College students in fraternities, sororities, or athletic teams are at an even greater risk of problematic drinking habits due to peer pressure and initiation rituals among these groups.

Other reasons for problematic drinking among college students include:

  • Unstructured schedules
  • Lack of adult supervision
  • Inconsistent consequences of drinking on campus
  • Coping mechanism for stress
  • Underlying mental illness that emerges during young adulthood
  • Dealing with loneliness or change being away from home

While college students are at a slightly greater risk of alcohol use, all young adults are at a higher risk of problematic drinking than most other age groups, regardless of college status. More than half of those 18 to 22 who drink are not drinking responsibly.

 

What Are The Symptoms Of Alcohol Poisoning?

Alcohol poisoning (also called “alcohol overdose”) can be deadly, and recognizing the symptoms can help prevent fatalities.

As you consume more alcoholic drinks, your blood alcohol concentration (BAC) increases if you don’t allow each drink to metabolize or take your time drinking. Since alcohol impairs decision-making and impulse control, one drink can easily lead to another.

Not everyone can drink the same amount. Heavy drinkers usually have a higher tolerance for the effects of alcohol than others. Young people are at a higher risk of overdose during a binge-drinking episode because they might not feel the effects immediately.

Combining alcohol with other depressants, like anti-anxiety, sleeping, or pain relief medications, increases the risk of alcohol poisoning. These medications usually contain benzodiazepines and opioids, which intensify the effects of alcohol.

According to the NIAAA, symptoms of alcohol poisoning and overdose include:

  • Mental confusion and being in a stupor
  • Trouble remaining conscious or unable to wake up
  • Vomiting
  • Seizures
  • Slowed or irregular breathing
  • Slow heart rate
  • Cold, clammy skin
  • Blunted reflexes and response
  • Low body temperature
  • Bluish skin or paleness

If you see these symptoms, it is critical to get medical help immediately. Alcohol poisoning can be fatal or cause permanent brain damage when ignored.

 

Does Underage Drinking Lead To Alcohol Use Disorder?

Underage drinking could lead to developing alcohol use disorder or other addictions.

Adolescence and high school can be challenging for young people. They are going through many changes that could lead to enormous amounts of stress. When kids experiment with alcohol, they might lean on drinking to cope with these issues.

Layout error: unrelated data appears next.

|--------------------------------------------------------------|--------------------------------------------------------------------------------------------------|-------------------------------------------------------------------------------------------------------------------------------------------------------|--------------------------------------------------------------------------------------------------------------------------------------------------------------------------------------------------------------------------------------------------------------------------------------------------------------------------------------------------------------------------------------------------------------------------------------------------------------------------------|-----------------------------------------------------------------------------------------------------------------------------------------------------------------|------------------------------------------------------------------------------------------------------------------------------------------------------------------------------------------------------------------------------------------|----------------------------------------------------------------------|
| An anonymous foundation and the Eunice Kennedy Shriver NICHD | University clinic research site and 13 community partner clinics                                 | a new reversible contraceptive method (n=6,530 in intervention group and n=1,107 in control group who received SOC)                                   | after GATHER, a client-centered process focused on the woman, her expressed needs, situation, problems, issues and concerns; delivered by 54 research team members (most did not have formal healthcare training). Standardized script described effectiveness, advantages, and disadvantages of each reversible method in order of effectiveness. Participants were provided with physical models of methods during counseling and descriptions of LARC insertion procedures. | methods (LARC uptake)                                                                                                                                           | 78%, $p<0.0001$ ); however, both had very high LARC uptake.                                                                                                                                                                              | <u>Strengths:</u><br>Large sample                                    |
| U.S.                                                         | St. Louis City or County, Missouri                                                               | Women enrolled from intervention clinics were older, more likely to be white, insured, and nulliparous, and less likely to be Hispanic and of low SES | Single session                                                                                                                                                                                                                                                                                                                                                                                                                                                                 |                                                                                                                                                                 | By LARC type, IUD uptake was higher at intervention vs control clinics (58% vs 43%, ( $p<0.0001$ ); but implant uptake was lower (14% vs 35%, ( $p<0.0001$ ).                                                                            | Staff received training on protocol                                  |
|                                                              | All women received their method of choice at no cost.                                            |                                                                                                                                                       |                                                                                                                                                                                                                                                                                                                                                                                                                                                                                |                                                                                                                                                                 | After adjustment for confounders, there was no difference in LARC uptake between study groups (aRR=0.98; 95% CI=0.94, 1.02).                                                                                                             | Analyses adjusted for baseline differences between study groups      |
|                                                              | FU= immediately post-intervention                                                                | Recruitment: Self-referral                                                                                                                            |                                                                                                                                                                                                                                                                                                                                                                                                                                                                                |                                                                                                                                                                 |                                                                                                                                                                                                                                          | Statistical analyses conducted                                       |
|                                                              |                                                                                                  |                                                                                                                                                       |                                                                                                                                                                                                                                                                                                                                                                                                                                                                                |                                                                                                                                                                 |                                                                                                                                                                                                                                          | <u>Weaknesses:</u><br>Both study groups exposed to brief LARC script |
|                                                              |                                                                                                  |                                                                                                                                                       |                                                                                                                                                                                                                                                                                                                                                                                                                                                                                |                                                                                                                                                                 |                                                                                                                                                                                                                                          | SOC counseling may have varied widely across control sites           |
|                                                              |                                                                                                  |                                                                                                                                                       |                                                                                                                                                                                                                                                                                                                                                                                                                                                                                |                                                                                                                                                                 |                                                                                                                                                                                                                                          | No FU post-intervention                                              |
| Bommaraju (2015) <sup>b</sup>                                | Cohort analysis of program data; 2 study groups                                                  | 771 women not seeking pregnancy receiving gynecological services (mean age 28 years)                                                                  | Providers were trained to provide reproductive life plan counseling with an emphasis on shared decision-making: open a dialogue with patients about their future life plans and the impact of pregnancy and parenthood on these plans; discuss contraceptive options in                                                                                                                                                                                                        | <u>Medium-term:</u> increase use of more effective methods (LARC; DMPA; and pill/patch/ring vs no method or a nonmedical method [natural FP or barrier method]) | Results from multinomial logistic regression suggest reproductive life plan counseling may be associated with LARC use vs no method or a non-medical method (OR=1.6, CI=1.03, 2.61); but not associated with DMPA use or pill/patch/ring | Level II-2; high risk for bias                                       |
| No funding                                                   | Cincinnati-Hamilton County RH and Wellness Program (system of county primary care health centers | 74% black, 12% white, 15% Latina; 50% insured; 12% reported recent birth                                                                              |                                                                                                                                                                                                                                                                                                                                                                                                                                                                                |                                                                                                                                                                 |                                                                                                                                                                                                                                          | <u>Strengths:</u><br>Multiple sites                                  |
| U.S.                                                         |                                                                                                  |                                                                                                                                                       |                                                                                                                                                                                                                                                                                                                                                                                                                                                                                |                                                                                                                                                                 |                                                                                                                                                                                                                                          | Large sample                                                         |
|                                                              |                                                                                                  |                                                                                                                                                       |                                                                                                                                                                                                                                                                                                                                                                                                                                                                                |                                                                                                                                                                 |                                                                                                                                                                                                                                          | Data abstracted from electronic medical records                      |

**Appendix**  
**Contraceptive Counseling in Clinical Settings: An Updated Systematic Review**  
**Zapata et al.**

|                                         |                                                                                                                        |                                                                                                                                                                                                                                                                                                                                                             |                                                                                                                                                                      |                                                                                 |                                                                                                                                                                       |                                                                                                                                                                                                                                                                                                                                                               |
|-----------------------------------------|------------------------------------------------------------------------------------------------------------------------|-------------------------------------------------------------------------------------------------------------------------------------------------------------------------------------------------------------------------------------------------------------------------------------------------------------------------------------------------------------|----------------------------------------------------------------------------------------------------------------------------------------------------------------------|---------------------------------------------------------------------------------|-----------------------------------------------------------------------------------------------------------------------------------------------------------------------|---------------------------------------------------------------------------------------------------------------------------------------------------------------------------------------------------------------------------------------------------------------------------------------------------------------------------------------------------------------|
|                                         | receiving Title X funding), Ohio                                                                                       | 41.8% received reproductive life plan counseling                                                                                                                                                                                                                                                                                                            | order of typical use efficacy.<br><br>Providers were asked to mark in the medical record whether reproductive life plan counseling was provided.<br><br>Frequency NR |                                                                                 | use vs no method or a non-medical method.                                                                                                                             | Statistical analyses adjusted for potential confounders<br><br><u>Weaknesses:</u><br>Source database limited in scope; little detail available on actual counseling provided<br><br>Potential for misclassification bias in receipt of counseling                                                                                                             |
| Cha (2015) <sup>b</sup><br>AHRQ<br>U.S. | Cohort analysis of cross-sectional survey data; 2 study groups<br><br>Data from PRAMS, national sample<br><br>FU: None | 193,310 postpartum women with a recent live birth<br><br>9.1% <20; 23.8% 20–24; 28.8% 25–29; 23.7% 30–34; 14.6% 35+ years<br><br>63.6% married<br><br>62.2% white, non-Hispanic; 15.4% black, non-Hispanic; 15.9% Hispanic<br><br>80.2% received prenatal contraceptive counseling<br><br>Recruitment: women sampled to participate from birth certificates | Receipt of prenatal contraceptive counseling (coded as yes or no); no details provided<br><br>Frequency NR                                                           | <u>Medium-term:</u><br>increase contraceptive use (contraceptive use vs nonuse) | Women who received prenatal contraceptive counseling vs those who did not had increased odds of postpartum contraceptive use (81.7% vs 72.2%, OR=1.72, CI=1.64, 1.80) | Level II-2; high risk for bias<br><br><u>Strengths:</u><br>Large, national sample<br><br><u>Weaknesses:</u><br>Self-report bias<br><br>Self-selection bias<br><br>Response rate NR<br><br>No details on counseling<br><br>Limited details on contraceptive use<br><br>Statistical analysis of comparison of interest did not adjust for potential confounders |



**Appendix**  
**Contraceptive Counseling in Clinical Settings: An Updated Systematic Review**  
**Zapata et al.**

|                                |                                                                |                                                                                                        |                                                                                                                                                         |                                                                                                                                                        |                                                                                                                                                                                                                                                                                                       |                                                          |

The Centers for Disease Control and Prevention (CDC) states that “[u]nderage drinking is a significant public health problem in the United States,” and excessive drinking is the cause of death for over 3500 people under age 21 each year.

The CDC also states that “[e]arly initiation of drinking is associated with the development of an alcohol use disorder later in life.” Drinking as a teen or earlier correlates to developing mental health and substance use disorders later in life.

High school students who drink alcohol could be creating drinking patterns that continue into young adulthood. Understanding the risk factors for alcohol abuse can help minimize young people’s risk of drinking alcohol to cope.

 

What Are The Risk Factors For Alcohol Abuse?

Not everyone who drinks alcohol will develop an alcohol use disorder, and some risk factors make some young adults more vulnerable than others.

Some young adults and teens are at a higher risk of developing issues with alcohol. Addiction does not affect everyone equally. While some people might be able to quit easily, others can continue to struggle and require treatment to prevent relapses.

Risk factors for alcohol abuse in young people include:

  • Traumatic experiences
  • Sexual or physical abuse
  • Underlying mental health issues, like depression or anxiety
  • Parents or other close family members who have substance use disorders
  • Mixing alcohol with other substances, like illicit or prescription drugs
  • Parents and adults in the community with relaxed views on drinking